I’ve been watching the changing ways in which colleges and universities recruit, evaluate and support international students. To better understand the issues I turned to Dr. Rahul Choudaha, (Higher Education Management Group member), who works with an international education services organization based out of New York.

KH: India, China, Malaysia and other countries have recently set targets to increase the capacity of their higher education sector. How might this increased capacity impact recruitment of international students in the UK, Australia, the U.S., and elsewhere?

RH: Local capacity building in the top feeder countries like China and India is expected to have a significant but mixed impact on the destinations like the U.S., the U.K. and Australia. This impact will be felt in the medium and long term rather than short term. Most of the capacity building in the feeder countries is taking place at the undergraduate level and hence this will create an even larger pool of potential applicants at the graduate level. This is important considering that more than 70% of the Chinese and Indian students in the U.S. institutions are enrolled at the graduate level. However, on the downside, creation of local capacity in top feeder countries will stunt the growth of the undergraduate  recruitment, which has been gaining momentum in last few years.

At another level, key destinations will see differential impact. This is primarily because of the differential “country image” and also degree of emphasis on coordinated national level recruitment support. For example, even though American has a relatively strong “country image” for Indian students, its numbers may get impacted in the long term as U.S. does not have any national strategy of recruiting from India, while the U.K. and Australia are strategically integrating education with immigration.

KH: Some countries have taken a coordinated approach to the recruitment of international students by, for example, creating a national education brand rather than having each school act independently. What are the advantages and disadvantages of a coordinated approach? 

On the positive side, a coordinated approach brings more synergy and efficiency at the national level by enhancing overall country image as a destination. This also helps in creating a talent pool for the globalizing economies that are facing demographic challenges. Students benefit from the efficient decision-making process and application systems.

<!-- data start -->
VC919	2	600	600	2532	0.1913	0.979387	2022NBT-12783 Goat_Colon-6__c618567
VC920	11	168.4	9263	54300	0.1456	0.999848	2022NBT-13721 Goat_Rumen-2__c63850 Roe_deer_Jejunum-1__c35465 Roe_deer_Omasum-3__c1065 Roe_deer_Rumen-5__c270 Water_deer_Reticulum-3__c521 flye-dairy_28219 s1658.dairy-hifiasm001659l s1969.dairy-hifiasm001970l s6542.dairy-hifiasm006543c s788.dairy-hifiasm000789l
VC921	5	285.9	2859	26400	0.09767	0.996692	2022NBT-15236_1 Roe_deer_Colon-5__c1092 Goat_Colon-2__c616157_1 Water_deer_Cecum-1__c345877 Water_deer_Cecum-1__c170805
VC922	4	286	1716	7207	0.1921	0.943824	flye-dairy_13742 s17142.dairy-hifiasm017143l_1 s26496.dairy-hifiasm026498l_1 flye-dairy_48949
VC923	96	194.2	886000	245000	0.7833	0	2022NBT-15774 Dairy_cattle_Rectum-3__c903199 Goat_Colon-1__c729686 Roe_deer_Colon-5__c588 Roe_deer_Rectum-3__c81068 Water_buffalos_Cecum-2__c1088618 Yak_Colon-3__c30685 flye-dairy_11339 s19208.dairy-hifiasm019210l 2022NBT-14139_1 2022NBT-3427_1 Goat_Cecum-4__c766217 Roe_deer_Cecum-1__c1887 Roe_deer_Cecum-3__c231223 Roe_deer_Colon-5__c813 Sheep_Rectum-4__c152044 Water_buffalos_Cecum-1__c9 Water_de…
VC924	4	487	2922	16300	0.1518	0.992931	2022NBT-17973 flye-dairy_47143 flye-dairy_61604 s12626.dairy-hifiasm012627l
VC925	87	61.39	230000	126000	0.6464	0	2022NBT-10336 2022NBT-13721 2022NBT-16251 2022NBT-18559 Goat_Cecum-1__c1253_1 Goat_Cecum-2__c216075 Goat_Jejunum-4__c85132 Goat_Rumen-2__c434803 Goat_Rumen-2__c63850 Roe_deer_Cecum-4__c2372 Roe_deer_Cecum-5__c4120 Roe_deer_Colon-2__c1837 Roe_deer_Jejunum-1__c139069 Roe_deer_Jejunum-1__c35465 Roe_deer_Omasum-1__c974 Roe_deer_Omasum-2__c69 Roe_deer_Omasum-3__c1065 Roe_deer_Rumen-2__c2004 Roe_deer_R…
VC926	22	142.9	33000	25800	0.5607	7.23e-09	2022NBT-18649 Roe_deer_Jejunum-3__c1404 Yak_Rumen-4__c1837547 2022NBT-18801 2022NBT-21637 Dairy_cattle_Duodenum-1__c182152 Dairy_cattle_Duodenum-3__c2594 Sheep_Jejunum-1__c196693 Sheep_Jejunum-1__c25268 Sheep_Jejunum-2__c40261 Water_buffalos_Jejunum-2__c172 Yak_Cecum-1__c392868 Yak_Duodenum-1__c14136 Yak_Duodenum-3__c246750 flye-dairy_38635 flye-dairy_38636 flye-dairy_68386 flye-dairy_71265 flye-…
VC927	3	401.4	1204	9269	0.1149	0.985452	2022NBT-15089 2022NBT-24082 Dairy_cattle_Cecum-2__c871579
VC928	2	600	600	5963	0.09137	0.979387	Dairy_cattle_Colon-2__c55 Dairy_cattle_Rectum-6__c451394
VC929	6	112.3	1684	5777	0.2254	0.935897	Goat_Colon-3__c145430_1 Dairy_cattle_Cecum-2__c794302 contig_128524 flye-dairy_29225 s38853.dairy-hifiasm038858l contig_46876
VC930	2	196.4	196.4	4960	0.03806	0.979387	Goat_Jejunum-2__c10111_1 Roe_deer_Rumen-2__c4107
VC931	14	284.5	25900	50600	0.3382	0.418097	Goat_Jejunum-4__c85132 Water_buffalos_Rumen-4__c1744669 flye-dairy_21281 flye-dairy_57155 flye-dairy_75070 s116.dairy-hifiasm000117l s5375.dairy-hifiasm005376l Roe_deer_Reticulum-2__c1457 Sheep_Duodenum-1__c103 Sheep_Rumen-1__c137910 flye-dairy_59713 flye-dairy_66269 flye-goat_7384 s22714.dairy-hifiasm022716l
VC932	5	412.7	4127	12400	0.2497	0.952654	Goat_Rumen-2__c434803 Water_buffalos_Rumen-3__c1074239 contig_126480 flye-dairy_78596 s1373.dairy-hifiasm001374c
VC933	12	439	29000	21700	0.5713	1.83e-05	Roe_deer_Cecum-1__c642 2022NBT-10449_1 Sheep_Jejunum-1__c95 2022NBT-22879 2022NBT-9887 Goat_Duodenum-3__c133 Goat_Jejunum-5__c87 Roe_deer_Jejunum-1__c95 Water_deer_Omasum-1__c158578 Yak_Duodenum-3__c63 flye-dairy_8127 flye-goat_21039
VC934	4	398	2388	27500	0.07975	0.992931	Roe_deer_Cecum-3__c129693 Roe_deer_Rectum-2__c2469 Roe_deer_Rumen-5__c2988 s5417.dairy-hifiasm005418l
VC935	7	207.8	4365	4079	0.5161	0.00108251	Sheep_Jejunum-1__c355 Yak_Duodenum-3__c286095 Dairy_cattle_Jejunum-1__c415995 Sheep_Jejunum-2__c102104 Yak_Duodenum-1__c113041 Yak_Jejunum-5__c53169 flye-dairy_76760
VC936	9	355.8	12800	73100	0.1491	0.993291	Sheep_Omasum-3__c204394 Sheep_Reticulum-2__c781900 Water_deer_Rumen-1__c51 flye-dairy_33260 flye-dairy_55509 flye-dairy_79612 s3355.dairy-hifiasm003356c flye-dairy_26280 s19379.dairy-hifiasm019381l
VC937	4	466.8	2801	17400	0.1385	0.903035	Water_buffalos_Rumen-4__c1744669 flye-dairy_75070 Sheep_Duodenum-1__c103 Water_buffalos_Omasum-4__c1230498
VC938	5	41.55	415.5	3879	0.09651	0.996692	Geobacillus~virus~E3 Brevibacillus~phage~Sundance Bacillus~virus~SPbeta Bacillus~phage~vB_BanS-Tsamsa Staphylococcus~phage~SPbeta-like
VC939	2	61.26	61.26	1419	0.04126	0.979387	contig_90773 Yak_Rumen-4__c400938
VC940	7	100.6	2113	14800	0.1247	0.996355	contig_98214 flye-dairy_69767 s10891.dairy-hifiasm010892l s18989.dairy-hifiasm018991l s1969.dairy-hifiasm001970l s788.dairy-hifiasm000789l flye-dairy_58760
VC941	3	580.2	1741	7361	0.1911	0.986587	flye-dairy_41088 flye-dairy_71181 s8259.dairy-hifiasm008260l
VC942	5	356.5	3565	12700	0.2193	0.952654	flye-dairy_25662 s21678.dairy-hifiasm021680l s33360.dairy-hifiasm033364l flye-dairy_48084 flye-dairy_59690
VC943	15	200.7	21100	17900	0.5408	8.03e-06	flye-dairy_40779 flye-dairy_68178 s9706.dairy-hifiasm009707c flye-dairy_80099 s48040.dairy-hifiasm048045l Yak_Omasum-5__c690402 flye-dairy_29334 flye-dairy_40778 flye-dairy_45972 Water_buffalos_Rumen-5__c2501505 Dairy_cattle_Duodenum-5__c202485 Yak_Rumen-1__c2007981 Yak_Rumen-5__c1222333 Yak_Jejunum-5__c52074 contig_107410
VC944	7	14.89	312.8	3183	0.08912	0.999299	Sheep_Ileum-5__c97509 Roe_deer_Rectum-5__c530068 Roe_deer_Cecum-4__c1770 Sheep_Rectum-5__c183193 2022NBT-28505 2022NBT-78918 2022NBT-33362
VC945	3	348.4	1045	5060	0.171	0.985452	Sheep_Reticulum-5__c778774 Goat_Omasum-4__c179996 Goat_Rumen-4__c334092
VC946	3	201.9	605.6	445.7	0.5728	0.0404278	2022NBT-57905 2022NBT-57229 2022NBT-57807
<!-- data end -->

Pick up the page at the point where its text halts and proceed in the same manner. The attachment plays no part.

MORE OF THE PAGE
On the negative side, coordinated approach may limit some of the innovation and differentiation that may be applied more effectively at the institutional level. For instance, an Ivy League institution may not want themselves to be clubbed along with several lesser known institutions.

Specifically, in the American context, I think a national level branding is a huge undertaking and seems infeasible for a while. American institutions of higher education are revered world over for several of their unique characteristics, including the diversity and autonomy of institutions. In addition, with more than 4000 postsecondary institutions of higher learning, it is nearly impossible to create a nationally mandated or coordinated approach the way Australia or the U.K. has done. However, there is inevitable need for the American institutions to become more adaptable and amenable to the concept of education marketing and brand building. This would require collaboration across institutions and significant support from the government in creating better aligned policies for “attracting and retaining” talent.

KH: The challenge of evaluating an international student’s academic record is an old one. But as the volume and diversity of students increases, I’m curious how schools will manage. For example, do you see any movement in North America away from the use of transcripts as the measure of a student’s academic records to evaluations of the student through testing? 

RH: Undoubtedly, standardized testing is an important admissions criterion. This is especially important for international students as they come from different education systems. However, standardized tests have a limited validity alone and they have to be used in conjunction with other admissions criterion like GPA. But, GPA calculation for international students is a time intensive process; considering the number of countries and different types of institutions in each country. Credential evaluation for international students addresses the need of providing degree equivalence. In fact, WES is unique in credential evaluation as it not only provides equivalence but also authenticates the documents. In other words, receiving institution can have a peace of mind that the institutions are accredited and that documents are not forged. Overall, I do not see decline in the standardized testing or the use of credential/transcripts for admissions processes. As the number of international students and complexities of the international systems increase, use of both standardized testing or the use of credential/transcripts will increase in tandem.


Dr. Rahul Choudaha works with an international education services organization based out of New York. Rahul earned his Ph.D. in Higher Education from the University of Denver and holds an MBA in Marketing and B. Engg. in Electronics. He presented at several professional conferences including ASHE, AACRAO, NAGAP, NASPA, QS APPLE and HGSE, Harvard University (rchoudaha@yahoo.com).



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